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Elvis Presley’s life and career are the stuff of legend. Even 45 years after his death, fans keep his legacy alive. And 2022’s acclaimed biopic, Elvis, has certainly helped bring newcomers to Presley’s iconic music.

However, even the King of Rock and Roll faced adversity early on. In particular, Presley and his family faced a specific stigma as he experienced fame and fortune.

Elvis Presley’s family didn’t have money when he was growing up

Rock and roll singer Elvis Presley relaxes with his parents Vernon and Gladys at their home in 1956
Elvis Presley relaxes with his parents Vernon and Gladys in 1956 | Michael Ochs Archives/Getty Images

Presley was born on January 8, 1935, in Tupelo, Mississippi. Though he would eventually become one of the most beloved and iconic entertainers of all time, he and his family were far from the level of financial stability Presley would reach much later on in life. 

In fact, Presley’s father, Vernon Presley, once said, according to, “There was almost nobody poorer” than him and his wife Gladys when they welcomed their sons into the world. Elvis was born soon after Jesse, his twin brother. His parents immediately had to face Jesse’s death as he was stillborn.

Elvis Presley’s perception as ‘white trash’ affected his rise to fame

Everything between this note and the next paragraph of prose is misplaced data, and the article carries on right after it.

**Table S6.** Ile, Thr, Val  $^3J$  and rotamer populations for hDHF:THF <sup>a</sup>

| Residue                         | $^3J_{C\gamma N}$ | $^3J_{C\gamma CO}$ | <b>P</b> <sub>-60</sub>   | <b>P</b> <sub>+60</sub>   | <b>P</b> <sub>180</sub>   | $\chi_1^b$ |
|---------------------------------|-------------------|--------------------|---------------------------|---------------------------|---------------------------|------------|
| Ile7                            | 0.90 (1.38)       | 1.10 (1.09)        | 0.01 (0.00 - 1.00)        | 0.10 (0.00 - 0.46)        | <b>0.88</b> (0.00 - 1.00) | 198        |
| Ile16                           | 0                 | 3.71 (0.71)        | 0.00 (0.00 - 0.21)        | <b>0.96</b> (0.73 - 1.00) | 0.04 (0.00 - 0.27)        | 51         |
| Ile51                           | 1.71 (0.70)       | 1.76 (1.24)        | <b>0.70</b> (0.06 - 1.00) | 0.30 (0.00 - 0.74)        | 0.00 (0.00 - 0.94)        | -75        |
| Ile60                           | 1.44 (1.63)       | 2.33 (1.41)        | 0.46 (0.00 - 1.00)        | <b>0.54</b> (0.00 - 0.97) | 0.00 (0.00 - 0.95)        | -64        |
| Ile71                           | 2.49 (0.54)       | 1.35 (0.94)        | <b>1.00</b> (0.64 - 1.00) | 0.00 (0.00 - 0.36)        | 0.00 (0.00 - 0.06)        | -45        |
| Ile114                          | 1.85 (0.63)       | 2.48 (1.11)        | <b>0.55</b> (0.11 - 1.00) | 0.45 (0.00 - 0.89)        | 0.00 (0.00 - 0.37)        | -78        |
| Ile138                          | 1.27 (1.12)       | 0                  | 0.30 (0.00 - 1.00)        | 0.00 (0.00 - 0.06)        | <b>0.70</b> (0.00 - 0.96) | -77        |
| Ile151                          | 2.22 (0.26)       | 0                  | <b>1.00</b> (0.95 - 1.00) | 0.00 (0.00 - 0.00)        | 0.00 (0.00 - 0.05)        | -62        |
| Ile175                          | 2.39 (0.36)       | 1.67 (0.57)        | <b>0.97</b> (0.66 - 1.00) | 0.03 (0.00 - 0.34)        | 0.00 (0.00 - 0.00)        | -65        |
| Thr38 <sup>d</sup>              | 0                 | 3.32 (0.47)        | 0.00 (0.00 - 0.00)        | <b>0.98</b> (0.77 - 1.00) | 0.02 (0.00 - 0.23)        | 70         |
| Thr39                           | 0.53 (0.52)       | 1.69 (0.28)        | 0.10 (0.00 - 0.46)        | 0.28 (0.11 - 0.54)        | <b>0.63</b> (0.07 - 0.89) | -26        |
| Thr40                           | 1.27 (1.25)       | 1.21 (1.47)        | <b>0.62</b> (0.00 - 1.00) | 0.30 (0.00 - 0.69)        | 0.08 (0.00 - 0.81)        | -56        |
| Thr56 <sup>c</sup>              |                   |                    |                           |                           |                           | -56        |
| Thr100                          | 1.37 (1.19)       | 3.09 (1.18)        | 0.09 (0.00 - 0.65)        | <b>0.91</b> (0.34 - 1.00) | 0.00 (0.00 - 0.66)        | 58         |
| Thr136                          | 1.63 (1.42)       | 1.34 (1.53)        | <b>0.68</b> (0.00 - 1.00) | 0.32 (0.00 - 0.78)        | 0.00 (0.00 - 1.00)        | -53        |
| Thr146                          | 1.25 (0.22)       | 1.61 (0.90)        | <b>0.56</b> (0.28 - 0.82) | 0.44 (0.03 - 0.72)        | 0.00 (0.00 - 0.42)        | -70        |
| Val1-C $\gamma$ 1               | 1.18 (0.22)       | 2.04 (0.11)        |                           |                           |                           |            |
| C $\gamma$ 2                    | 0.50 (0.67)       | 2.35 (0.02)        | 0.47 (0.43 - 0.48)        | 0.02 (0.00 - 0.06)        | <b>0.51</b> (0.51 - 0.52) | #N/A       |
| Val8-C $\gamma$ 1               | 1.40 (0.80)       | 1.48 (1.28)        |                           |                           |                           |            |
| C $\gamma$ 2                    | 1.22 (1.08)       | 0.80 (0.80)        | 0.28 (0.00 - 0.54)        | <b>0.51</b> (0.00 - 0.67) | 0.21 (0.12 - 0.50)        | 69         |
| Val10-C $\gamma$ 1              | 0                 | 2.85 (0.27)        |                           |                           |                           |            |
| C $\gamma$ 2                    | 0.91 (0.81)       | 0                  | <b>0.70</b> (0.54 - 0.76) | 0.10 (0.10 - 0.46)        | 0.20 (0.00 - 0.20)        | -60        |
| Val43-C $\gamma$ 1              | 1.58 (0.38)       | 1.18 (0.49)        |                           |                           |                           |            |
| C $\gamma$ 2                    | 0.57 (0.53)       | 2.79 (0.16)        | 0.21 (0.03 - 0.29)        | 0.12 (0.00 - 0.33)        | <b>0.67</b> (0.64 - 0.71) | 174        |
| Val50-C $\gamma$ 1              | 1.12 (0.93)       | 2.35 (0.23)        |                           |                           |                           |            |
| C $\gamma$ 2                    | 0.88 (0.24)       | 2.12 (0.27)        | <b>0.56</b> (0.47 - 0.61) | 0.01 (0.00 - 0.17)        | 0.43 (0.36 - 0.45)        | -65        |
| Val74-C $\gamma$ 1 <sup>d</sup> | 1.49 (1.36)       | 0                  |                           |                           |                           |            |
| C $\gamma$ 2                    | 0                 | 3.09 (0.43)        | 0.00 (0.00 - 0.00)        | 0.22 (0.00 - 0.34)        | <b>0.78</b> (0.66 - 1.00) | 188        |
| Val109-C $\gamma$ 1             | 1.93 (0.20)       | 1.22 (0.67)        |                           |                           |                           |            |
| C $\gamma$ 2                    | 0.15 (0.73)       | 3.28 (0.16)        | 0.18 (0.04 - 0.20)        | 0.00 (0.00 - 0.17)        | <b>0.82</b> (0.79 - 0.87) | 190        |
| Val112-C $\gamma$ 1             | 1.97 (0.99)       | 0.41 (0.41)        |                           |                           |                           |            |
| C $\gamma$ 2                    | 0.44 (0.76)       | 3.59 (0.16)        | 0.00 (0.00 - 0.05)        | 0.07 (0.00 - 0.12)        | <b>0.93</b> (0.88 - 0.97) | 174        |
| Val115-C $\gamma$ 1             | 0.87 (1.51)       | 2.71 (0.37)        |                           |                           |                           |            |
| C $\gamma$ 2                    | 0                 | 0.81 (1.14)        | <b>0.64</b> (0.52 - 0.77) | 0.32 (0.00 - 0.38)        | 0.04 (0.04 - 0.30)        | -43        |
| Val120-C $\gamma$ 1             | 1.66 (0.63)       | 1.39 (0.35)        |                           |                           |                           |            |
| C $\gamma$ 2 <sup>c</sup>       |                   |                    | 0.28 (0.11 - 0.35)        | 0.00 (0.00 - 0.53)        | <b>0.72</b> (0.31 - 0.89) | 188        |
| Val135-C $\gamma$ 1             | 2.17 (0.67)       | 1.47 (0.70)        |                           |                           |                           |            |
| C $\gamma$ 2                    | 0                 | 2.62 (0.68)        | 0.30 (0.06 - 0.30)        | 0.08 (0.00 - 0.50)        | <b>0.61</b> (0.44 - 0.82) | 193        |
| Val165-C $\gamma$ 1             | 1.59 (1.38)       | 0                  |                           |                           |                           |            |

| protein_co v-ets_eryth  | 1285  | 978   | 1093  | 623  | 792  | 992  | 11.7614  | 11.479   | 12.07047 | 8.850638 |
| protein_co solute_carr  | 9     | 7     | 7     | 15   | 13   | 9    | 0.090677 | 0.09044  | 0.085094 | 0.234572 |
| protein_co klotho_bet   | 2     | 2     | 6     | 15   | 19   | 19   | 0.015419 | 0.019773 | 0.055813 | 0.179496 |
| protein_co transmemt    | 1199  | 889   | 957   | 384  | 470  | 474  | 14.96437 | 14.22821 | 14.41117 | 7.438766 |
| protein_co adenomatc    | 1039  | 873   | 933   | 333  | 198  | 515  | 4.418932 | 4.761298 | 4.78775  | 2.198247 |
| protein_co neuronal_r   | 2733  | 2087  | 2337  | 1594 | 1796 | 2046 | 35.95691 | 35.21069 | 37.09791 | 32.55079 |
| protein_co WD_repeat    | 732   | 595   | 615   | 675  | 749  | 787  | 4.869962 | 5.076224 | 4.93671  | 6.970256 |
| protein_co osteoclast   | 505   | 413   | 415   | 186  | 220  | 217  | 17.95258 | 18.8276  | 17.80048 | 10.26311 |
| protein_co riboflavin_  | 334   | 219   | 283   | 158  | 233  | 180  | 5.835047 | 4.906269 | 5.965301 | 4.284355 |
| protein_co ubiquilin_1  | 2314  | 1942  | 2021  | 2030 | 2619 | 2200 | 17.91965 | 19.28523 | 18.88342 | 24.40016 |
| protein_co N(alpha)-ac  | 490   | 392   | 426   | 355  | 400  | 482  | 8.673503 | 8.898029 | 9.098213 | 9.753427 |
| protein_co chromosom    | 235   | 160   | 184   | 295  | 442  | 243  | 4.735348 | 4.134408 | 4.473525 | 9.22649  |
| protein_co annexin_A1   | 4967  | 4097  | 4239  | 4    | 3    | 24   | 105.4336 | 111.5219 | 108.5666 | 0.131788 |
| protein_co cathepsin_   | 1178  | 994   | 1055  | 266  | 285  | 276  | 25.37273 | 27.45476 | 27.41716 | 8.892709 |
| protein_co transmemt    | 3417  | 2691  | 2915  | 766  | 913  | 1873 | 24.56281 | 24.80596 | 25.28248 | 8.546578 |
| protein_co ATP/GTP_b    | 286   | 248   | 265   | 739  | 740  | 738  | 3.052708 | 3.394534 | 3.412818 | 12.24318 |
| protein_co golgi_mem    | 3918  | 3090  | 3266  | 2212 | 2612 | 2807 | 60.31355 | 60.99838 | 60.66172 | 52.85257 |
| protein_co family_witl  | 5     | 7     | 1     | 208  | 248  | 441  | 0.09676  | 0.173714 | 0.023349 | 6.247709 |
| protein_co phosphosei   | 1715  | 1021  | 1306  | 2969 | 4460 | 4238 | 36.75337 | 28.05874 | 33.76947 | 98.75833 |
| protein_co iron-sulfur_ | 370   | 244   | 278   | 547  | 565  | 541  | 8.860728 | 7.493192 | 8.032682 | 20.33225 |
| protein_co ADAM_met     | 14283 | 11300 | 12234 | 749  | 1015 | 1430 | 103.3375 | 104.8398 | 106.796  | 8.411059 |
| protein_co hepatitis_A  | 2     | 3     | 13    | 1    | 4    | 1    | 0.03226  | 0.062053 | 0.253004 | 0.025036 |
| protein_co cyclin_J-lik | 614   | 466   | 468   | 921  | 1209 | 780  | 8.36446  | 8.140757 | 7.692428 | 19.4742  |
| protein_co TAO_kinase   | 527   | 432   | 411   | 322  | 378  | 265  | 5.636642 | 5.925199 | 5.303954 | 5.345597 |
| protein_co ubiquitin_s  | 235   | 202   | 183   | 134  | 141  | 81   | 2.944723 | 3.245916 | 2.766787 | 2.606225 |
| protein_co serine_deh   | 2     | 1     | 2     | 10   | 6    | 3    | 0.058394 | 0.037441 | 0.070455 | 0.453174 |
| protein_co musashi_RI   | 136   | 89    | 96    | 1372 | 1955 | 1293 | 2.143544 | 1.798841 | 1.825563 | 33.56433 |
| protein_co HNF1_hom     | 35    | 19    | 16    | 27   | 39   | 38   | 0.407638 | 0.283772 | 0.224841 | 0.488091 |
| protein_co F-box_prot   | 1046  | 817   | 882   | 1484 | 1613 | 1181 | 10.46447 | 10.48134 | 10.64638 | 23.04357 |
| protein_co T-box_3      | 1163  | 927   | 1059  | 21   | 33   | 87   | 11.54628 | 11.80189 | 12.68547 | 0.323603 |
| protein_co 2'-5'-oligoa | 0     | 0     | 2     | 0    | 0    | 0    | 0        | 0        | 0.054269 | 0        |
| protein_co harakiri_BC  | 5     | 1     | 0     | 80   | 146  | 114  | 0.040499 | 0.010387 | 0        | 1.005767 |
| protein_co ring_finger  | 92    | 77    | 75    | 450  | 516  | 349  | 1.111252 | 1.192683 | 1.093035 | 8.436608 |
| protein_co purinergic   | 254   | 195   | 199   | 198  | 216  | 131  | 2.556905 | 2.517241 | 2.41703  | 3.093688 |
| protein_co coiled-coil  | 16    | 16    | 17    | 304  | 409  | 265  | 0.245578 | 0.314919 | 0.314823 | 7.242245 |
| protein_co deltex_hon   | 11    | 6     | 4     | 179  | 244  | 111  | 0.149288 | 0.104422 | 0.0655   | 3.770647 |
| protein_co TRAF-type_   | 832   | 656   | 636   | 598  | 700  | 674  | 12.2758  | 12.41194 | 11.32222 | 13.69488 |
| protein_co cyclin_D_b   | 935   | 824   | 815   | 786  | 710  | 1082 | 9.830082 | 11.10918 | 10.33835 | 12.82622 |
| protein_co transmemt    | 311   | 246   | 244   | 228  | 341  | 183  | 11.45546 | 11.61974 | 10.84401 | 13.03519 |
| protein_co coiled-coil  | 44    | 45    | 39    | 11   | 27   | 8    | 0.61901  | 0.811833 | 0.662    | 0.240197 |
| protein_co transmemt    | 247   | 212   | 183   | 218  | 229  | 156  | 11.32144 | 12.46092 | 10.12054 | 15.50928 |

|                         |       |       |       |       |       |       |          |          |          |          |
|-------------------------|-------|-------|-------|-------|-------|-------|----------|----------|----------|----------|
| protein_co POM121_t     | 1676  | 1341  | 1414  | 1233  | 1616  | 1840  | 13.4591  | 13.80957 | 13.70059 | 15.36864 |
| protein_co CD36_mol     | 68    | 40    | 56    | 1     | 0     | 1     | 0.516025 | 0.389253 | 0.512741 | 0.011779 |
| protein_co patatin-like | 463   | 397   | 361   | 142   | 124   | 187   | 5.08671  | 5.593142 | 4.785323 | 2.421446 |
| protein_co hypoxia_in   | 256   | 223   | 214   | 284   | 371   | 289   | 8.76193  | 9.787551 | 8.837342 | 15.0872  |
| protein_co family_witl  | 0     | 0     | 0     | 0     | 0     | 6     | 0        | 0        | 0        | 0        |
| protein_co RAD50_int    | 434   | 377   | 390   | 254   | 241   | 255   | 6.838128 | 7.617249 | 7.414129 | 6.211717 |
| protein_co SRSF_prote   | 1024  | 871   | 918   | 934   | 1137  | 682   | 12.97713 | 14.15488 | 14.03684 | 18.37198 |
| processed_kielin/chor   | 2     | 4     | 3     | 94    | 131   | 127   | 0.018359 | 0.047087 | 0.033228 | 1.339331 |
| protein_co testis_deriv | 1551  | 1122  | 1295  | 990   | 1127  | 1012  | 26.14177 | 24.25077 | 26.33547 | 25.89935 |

Because of how and where he grew up, some naysayers considered Elvis to be “white trash.” In an interview with Good Housekeeping, Vernon took that question on directly:

“The writer of an ugly, untruthful book about Elvis said on TV that we Presleys were nothing but poor white trash. Well, I want to answer that right here, because his comment riled the whole state of Mississippi. Poor we were. I’ll never deny that. But trash we weren’t. As a matter of fact, I’m not sure what ‘trash’ is.

There were times we had nothing to eat but cornbread and water. But we always had compassion for people. When I was growing up, we never had any prejudice. We never put anyone down. Neither did Elvis.”

Naturally, Vernon took offense to the term and rose to defend his son’s reputation. After all, because of their class, Elvis already faced adversity growing up.

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As author Nancy Isenberg describes in her book White Trash: The 400-Year Untold History of Class in America, the label of “white trash” may have plagued Elvis throughout his career.

In fact, it could perhaps be part of why he reportedly desired to prove himself as a serious artist throughout his music and film career. But it also gave Elvis something of an underdog status.

“[Elvis Presley] achieved what no white trash working-class male had ever dreamt possible,” Isenberg wrote in her book via “He was at once cool and sexually transgressive and a ‘country boy.’ No longer a freakish rural outcast, as in the past, Elvis was a ‘Hillbilly Cat,’ someone many teenage boys wished they could be.” The rest was history.